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Media: September 2021 • “The Big ’89 to Hollywood”

| August 31, 2021


Kris Erik Stevens (WLS Late ’60s)

Kris Erik Stevens’s arrival in Chicago in the late ’60s involved a bit of serendipity.

“I was on my way from San Francisco to a gig I had just taken in Pittsburgh, and I stopped in Chicago along the way to see an old buddy of mine, Lyle Dean, who I had worked with in Omaha. I said I wanted to meet the program director. Lyle said, “Well, he’s the guy you just brushed off on the way in here. You didn’t even say hello.’ I thought, ‘Oh No!’ So I ran down the hall and went into his office and said, ‘Mr. Rook, I’m so sorry; I always wanted to meet you.’ And I introduced myself. He told me that he had heard a lot of good things about me. Sure enough, after I was in Pittsburgh for about four months, he gave me a call, and before I knew it, I was on WLS.”

Having grown up in Michigan listening to the station, it was a dream come true.

“I used to copy those guys while I was doing an all-night show in high school. I loved Chicago. I loved the people. To me, that is where I always wanted to be. It was a big-time radio station. I was on the air at night on the best station, WLS, and the signal was carried all over the country. I mean, it covered everything. It was unbelievable the reach it had. I could hear it in California.”

Stevens has very fond memories of his three years in Chicago.

“Working with people like Larry Lujack. That was a pleasure. Larry and I got along really well. He had a lot of material to work with regarding me, I’m afraid. WLS had a great environment. They let you be you. I made a lot of personal appearances and met a lot of people, and of course, it opened the doors for me because people now knew who I was. It’s what made the rest of my career possible.”

He also had a taste of the famous WLS-WCFL rivalry, although he never really considered it contentious.

“When (program director) John Rook left WLS, they brought a new clown in, and he wasn’t a fan of mine—I was a little too much for him, and before I knew it, I was on the outside looking in. Looking for a new job. So I went down to Miami and became a program director. And then, Rook called me again and said, ‘I’m going back into Chicago at WCFL. Come join me, and let’s beat WLS.’ But honestly, other than that, I never really thought about the rivalry between the two stations or the ratings when I was in Chicago. When I was on WLS, we were always #1. We had Larry. John Rook was a great program director, and he really knew what he was doing. Then when Lujack and I both went to WCFL with John Rook, we beat WLS, so it wasn’t really a big issue for me.”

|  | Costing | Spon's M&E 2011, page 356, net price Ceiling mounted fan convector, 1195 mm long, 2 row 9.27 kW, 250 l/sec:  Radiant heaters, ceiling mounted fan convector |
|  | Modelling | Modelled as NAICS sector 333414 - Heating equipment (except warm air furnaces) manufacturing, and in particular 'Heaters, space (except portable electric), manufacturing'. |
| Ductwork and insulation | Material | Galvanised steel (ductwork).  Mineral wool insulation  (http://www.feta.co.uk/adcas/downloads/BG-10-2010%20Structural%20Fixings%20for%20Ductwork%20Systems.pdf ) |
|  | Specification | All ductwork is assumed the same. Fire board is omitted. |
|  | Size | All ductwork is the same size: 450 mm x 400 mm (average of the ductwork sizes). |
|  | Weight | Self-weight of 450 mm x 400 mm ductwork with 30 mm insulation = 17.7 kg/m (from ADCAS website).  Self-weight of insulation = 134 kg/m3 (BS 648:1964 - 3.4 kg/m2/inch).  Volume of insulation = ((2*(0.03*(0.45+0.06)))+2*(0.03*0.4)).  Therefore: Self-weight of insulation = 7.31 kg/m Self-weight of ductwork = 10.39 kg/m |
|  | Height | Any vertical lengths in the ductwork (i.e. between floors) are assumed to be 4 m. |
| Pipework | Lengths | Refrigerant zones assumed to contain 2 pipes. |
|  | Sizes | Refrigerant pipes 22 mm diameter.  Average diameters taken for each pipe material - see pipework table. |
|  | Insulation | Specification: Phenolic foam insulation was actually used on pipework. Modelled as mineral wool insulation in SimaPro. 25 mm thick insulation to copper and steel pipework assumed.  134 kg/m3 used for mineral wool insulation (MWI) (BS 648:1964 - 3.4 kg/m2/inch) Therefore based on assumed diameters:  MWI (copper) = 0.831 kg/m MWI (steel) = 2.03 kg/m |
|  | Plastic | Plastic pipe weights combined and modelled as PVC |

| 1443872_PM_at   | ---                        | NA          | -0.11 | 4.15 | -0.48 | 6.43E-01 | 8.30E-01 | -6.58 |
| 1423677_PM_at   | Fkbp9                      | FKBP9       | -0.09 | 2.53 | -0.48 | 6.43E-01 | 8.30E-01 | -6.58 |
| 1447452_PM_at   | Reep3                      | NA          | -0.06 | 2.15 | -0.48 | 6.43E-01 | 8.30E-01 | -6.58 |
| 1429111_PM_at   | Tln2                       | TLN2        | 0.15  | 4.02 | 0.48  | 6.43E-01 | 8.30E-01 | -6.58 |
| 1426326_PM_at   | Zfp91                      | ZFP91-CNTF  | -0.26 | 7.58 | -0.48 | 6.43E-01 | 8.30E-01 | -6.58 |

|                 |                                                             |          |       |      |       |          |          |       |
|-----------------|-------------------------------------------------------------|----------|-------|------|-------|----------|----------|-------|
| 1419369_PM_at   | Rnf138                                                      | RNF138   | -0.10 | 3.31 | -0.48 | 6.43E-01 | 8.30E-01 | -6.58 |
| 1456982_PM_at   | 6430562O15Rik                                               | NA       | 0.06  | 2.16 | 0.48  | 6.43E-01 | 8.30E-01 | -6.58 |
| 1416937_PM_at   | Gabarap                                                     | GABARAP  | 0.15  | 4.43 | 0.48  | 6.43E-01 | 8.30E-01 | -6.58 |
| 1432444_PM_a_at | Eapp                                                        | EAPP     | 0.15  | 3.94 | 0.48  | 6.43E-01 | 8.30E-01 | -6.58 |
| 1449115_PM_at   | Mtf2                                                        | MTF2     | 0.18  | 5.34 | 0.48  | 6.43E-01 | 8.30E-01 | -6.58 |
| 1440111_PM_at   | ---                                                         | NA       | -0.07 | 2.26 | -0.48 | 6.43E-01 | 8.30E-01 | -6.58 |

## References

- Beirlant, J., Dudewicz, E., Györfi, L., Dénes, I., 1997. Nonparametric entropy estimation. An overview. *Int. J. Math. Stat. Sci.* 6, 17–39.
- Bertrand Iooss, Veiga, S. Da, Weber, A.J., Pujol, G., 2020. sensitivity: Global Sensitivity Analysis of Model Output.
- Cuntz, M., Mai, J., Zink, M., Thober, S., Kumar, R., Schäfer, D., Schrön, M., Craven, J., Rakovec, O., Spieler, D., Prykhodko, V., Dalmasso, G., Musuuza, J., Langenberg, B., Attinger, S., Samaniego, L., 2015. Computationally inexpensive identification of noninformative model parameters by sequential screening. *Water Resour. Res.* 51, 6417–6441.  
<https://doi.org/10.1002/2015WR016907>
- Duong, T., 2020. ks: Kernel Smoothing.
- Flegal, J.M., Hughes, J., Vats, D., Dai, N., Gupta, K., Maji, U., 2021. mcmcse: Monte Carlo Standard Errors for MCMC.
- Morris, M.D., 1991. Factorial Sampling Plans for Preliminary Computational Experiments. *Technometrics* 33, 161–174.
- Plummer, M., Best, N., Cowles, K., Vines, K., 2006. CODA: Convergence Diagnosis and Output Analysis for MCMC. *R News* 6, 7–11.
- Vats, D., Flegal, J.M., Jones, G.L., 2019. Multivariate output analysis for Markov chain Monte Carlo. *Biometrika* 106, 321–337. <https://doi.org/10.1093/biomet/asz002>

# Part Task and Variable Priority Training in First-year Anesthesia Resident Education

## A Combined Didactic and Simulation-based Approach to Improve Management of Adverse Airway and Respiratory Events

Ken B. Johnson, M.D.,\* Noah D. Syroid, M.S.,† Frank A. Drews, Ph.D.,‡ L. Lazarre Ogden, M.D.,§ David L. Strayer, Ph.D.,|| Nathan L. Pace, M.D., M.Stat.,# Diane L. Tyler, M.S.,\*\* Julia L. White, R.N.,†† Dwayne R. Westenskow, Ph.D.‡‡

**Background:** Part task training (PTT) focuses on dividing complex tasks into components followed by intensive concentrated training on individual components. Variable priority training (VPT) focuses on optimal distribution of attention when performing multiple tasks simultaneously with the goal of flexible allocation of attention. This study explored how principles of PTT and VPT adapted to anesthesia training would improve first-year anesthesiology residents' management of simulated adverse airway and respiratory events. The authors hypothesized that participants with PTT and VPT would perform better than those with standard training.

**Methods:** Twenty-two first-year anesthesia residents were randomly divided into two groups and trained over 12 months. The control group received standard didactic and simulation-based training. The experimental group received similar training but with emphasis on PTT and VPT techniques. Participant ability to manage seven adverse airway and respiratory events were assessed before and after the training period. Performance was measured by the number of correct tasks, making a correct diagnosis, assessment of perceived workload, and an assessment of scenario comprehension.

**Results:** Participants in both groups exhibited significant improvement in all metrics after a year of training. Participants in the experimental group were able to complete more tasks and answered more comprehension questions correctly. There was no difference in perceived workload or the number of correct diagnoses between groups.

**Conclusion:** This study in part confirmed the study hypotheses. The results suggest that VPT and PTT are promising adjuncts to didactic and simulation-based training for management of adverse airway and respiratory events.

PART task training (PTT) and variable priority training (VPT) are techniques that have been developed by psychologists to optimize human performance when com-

But after a nomadic radio career that had brought him from Michigan to Omaha to San Francisco to Pittsburgh to Miami, and Chicago twice, after his WCFL stint, Stevens finally decided it was time to “give up the inflatable furniture.”

“When I left WCFL, I said to myself, that’s it. No more radio for me. I’m done. I want to go into movies, and I know I can do that. So I went to LA without a job, and I did put it together there. I met a lady, and settled down, and created my own business.”

That business included many high-level voice-over acting in everything from commercials to trailers to cartoons (The Smurfs and Richie Rich). But it included radio work too.

“I did a show called Entertainment Coast to Coast via satellite every Saturday night. I conceptualized it and wrote it, and movie stars came to us. We interviewed big-time celebrities for that show. It opened so many doors. I did a deal with Universal Pictures with the Rolling Stones for their movie Let’s Spend the Night Together. They wanted a nationwide radio special to coincide with the release. I flew to Paris to talk to Mick and Keith. Then I went to London to interview Charlie Watts and Bill Wyman, and then to New York to interview Ron Wood, and then flew back to LA to put the program together.”

Kris and the movie have remained constant companions ever since.

“For ten years, I was the voice of MovieTunes. I was partnered with Robert Kardashian. His daughter Kim used to come over to pick up the tapes from me after I recorded them. We were in every movie theater in America. That was great exposure.”

Despite going bigtime in Hollywood, does Stevens stay in touch with his old Chicago friends?

“(Former WLS colleague) Fred Winston and I have always been close. I still talk to him all the time. He puts me on the floor—the funniest guy I know. I stay in touch with Chuck Buell from my WLS days. I was looking forward to seeing them—there was talk of a WLS reunion happening right before the pandemic. It’s just another one of those things that didn’t happen.”

To read more about what has happened to Kris Erik Stevens, check out his website at

-Rick Kaempfer

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